The Connection Between Sleep and Overall Health

Adult woman, soundly sleeping in her comfortable bed, at home.

A good night’s sleep is vital to your physical health and mental well-being. Research has shown that a lack of sleep can contribute to many health problems, from high blood pressure to obesity.

Studies also show that sleeping well is just as important as exercise, diet and smoking in reducing your risk of heart disease and cancer.

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Stress can cause many different symptoms, from a headache or muscle tightness to hunger or low energy. It can also affect the heart, and blood pressure levels, and impact hormone production. Chronic stress can lead to depression, high blood pressure, autoimmune disease and even suicide.

For our ancestors, stress served an important purpose as it caused the “fight or flight” survival response that kept them alive in dangerous situations. The body has some pretty effective homeostatic mechanisms that help us deal with short-term stressors, but long-term stressful situations can have serious health consequences, including high blood pressure, weight gain, and heart disease.

Sleep is essential for our mental and physical health. Despite the popular belief that it’s a passive activity, sleep actually has powerful (and sometimes surprising) effects on our bodies and minds. Whether it’s the circadian rhythm, cellular repair, or production of immune system cells, researchers spend much of their waking hours trying to understand the mysteries of sleep and how it impacts our overall health.


The body’s physical health benefits of a good night’s sleep include promoting healthy weight control, lowering stress levels and the risk for chronic health conditions like cardiovascular disease and diabetes, aiding immune system function, improving muscle strength and flexibility, boosting energy levels and enhancing athletic performance. But the brain also benefits from a good night’s rest, by enhancing memory and cognitive function, regulating emotions, increasing mental acuity and allowing us to stay alert when we are awake.

Research has shown that a lack of sleep can impair cognition and cause accidents on the road or at work. It can also affect the ability to feel pain and even increase one’s risk for depression. Scientists are now focusing on ways to improve sleep hygiene and the overall quality of life by helping people get more sleep, which may include reducing daily caloric intake, and increasing the amount of vigorous activity that is part of their weekly routine.


Getting adequate sleep each night allows your brain and body to recover. This enables you to be alert and make good decisions throughout the day, including when it comes to your diet. Getting enough sleep also helps you avoid excessive weight gain and serious diseases, including heart disease.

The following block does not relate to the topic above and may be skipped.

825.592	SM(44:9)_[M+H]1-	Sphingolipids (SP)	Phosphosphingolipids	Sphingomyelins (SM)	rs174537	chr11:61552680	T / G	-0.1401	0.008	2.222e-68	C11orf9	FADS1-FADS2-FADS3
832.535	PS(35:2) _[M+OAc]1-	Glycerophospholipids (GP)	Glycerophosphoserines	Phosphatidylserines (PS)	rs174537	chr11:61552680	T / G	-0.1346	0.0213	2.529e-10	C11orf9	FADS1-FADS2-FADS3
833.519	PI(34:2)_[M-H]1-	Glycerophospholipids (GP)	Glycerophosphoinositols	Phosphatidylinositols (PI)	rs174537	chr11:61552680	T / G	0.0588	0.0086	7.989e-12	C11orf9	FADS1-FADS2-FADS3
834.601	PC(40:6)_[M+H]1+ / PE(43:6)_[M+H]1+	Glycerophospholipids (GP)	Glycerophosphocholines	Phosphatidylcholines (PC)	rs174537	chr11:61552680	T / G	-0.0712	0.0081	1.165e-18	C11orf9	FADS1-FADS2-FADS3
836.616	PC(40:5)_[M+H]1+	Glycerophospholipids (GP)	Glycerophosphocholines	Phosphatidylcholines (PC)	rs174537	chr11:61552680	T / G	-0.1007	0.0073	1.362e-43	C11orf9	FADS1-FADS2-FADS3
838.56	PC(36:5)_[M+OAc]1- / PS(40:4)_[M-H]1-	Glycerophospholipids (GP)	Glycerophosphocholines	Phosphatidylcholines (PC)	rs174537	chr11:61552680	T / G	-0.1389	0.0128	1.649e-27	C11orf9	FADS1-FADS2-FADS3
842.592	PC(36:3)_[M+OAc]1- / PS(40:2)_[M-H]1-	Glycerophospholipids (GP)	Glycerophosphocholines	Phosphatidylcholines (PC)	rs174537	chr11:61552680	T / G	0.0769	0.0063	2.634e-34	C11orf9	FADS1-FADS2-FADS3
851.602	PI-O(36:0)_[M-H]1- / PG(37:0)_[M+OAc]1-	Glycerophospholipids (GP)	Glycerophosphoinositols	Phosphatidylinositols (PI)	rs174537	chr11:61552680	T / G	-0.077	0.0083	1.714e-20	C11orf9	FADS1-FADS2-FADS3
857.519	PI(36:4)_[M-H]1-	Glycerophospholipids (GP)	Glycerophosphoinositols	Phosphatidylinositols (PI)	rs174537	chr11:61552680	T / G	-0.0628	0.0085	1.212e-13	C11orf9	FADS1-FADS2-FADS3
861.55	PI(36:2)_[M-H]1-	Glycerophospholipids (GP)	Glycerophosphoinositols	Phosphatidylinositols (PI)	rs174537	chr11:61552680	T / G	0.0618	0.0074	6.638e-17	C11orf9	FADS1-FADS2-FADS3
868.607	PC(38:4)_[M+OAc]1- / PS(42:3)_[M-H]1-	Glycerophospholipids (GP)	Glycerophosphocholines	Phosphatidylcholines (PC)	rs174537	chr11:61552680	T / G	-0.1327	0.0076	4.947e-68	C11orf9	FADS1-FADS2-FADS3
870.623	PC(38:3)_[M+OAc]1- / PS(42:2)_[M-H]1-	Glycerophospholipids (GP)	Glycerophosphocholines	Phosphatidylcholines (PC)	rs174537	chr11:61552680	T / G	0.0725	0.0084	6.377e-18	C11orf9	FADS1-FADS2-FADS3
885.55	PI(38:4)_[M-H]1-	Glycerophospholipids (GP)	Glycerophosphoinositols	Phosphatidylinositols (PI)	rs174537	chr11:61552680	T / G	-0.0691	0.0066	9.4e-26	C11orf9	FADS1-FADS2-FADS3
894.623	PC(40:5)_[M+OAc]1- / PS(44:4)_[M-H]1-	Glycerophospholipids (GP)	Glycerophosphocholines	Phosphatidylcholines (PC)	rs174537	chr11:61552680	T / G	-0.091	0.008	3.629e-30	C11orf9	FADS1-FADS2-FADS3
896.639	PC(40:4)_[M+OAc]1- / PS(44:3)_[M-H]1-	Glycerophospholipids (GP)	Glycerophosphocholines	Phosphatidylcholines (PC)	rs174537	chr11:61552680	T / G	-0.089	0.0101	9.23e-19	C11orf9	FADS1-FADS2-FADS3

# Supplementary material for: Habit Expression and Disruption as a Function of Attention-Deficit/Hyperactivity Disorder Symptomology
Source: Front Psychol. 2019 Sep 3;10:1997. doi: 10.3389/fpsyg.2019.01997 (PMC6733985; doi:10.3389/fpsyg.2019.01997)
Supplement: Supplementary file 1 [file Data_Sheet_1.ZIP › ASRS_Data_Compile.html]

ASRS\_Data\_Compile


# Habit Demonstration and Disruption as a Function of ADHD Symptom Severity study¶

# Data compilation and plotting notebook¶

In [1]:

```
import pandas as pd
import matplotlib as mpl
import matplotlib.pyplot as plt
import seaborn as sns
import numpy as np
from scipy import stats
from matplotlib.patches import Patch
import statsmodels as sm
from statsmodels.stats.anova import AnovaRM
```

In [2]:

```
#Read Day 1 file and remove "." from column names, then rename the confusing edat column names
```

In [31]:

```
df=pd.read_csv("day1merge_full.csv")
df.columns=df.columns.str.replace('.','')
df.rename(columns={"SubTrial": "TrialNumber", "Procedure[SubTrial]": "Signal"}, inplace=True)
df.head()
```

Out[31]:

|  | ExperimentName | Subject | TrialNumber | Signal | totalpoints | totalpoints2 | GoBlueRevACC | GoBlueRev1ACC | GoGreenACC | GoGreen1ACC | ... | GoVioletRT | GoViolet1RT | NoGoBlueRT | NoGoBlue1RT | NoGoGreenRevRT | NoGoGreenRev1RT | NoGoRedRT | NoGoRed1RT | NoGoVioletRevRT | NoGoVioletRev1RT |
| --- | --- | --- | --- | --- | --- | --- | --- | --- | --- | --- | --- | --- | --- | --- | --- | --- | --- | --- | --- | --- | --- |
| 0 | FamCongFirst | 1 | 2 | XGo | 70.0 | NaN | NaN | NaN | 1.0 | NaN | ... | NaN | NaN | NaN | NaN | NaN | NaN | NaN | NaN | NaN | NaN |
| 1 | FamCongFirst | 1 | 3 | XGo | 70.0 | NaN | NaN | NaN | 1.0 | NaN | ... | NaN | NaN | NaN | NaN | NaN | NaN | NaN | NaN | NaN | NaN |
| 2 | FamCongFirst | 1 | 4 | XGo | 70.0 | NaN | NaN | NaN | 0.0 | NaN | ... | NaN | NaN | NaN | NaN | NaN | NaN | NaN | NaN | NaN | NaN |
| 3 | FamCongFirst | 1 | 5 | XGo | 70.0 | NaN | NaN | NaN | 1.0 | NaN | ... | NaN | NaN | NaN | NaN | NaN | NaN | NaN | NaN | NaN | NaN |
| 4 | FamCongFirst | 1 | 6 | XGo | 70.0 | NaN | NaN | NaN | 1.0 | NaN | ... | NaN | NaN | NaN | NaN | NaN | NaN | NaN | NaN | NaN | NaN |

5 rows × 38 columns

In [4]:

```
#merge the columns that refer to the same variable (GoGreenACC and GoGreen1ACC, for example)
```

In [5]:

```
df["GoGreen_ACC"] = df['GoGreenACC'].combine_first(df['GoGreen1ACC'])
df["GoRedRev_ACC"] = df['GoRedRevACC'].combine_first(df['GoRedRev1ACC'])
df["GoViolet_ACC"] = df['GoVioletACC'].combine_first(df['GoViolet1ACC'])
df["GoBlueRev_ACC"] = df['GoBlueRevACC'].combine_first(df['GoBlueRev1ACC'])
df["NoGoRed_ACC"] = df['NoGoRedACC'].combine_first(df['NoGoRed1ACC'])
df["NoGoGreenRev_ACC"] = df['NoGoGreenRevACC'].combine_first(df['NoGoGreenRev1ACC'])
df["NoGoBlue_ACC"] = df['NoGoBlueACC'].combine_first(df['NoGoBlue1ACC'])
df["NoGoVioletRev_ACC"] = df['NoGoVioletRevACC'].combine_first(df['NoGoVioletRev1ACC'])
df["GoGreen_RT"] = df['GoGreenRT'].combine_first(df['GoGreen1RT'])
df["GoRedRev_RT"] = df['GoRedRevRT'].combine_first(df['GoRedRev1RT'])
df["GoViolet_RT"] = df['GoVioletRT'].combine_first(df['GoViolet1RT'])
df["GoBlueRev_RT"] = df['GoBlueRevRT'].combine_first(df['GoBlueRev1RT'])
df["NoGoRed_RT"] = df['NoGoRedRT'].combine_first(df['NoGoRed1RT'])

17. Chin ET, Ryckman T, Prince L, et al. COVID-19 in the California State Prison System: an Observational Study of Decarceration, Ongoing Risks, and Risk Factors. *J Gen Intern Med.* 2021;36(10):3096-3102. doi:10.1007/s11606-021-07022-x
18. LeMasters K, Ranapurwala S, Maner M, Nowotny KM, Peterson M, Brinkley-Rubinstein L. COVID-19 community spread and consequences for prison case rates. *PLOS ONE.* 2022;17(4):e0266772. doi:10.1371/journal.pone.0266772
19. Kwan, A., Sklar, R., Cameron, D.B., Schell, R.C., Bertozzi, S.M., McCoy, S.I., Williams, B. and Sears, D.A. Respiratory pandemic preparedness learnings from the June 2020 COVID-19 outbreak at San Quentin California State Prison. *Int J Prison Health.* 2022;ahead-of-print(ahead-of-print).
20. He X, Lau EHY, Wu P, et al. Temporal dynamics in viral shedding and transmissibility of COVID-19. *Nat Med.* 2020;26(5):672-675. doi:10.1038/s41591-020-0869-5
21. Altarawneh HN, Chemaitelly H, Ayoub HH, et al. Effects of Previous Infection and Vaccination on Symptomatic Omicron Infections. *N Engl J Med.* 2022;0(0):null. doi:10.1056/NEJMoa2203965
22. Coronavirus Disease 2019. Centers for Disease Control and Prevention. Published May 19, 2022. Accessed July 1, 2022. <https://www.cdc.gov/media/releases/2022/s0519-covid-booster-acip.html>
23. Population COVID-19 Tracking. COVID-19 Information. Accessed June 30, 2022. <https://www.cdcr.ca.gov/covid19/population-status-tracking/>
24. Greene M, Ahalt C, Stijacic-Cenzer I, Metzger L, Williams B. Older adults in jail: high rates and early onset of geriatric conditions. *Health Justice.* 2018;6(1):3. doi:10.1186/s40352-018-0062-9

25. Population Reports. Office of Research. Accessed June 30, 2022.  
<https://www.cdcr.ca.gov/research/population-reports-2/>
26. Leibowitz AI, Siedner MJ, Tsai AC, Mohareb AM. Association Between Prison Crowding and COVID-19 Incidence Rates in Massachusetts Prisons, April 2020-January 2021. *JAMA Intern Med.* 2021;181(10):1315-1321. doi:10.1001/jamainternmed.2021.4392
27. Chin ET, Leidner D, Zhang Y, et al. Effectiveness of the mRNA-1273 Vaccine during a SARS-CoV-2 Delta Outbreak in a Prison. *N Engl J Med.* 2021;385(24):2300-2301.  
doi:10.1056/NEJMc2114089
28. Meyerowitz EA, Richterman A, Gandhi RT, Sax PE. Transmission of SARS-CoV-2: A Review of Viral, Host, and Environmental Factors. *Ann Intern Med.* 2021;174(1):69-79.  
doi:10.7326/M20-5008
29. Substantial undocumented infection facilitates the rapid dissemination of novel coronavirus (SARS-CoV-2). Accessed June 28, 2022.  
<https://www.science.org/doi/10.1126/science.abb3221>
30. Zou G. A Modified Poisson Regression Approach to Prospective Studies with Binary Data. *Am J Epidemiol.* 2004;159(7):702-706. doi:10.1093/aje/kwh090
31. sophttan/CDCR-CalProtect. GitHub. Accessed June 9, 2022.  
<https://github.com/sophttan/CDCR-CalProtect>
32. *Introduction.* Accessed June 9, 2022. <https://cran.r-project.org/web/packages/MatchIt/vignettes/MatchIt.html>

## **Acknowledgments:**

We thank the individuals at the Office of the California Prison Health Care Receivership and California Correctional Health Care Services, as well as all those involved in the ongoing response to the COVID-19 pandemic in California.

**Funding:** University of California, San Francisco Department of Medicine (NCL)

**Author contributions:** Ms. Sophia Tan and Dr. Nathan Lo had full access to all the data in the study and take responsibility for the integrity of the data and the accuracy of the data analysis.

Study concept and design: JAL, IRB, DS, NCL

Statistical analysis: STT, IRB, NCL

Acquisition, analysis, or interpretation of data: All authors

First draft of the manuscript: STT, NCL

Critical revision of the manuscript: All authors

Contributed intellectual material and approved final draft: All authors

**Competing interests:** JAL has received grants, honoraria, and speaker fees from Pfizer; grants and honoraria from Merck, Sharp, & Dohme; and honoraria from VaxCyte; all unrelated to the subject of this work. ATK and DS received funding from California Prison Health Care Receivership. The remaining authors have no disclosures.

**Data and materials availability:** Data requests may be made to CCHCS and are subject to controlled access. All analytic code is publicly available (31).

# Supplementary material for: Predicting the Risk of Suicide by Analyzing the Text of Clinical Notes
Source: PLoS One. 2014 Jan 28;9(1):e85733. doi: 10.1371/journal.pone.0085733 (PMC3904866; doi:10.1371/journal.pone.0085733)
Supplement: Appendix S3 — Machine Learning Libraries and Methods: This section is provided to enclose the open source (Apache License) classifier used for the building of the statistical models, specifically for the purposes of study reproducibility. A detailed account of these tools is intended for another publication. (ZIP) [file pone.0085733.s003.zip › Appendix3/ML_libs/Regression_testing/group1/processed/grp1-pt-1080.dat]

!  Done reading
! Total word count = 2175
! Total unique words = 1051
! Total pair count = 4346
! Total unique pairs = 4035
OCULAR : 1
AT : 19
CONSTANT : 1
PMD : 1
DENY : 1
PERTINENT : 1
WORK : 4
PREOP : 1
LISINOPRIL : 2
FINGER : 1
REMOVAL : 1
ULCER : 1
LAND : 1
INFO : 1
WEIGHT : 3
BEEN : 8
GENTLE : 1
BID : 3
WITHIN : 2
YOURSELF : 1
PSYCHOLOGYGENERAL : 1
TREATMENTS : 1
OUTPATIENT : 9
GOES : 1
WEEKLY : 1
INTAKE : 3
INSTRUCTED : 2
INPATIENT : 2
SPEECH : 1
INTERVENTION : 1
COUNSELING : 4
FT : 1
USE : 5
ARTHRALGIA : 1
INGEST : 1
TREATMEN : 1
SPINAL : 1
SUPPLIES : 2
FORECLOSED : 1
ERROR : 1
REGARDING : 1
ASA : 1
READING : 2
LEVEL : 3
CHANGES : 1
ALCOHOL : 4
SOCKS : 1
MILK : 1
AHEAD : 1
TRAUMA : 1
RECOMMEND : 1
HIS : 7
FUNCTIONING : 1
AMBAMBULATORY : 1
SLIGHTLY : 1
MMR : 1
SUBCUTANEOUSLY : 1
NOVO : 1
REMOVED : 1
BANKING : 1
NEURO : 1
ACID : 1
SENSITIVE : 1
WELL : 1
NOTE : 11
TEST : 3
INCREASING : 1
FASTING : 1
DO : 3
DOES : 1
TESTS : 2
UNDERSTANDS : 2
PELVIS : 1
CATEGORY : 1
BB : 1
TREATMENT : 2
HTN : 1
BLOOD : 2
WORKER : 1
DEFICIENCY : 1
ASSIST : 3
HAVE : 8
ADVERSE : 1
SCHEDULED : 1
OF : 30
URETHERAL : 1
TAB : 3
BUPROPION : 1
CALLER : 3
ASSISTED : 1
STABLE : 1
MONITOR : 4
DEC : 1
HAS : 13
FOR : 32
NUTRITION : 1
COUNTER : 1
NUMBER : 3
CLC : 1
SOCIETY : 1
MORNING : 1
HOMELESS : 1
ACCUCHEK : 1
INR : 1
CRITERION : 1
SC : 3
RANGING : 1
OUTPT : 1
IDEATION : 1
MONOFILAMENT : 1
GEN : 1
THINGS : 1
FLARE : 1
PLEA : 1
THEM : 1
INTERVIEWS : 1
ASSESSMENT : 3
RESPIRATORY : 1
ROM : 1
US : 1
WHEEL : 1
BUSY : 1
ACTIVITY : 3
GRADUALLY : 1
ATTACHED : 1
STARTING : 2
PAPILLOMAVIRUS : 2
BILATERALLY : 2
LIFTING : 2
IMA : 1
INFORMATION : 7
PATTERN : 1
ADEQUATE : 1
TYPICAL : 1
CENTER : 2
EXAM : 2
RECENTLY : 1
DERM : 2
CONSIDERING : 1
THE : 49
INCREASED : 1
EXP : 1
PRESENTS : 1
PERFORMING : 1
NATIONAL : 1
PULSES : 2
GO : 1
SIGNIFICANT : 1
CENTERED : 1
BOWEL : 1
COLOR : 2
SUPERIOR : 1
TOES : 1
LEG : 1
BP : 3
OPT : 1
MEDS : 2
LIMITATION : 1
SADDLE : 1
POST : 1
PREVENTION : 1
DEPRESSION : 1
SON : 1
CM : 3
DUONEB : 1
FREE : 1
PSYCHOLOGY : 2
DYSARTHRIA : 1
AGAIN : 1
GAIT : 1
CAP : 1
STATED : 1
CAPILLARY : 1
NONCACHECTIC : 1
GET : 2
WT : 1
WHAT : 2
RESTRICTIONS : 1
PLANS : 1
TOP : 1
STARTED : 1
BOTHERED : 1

A lack of sleep boosts your stress levels, which can damage the immune system and make you more susceptible to illness. Studies have shown that well-rested people mount stronger antibody responses when receiving vaccines.

Many psychiatric disorders are linked to poor sleep. Insomnia is associated with depression, bipolar disorder and psychosis. Insomnia can also increase the risk of suicide. The link between insomnia and certain psychiatric disorders is also likely due to genetic factors. Researchers have found that genes that regulate circadian rhythms are related to specific psychiatric disorders, such as bipolar disorder and seasonal affective disorder. Misalignments between a person’s internal clock and their sleeping patterns can cause chronic inflammation, which is tied to many health problems.


It’s no surprise that sleep is vital for our overall health, yet many people don’t get enough rest. Not only does lack of sleep make you feel lethargic, but it can also increase the risk of certain health problems like high blood pressure and depression.

Scientists are still trying to understand why we need sleep, but there are several theories that can help explain it. One is the inactivity theory, which suggests that sleep developed as a result of evolution to allow people to be less active at night and therefore avoid predators.

Another is the brain plasticity theory, which states that sleeping helps the brain develop and function properly. Researchers have found that getting enough sleep improves our memory and ability to learn, while not sleeping can make learning difficult. Whole-brain analysis shows that sleep duration/global quality correlates with cortical thickness in a number of areas, including the bilateral frontal cortex (p32 and Fp2), but not hippocampus or temporal lobes. The relationships are driven by additive genetic effects, suggesting a system-level impact of sleep on brain structure.

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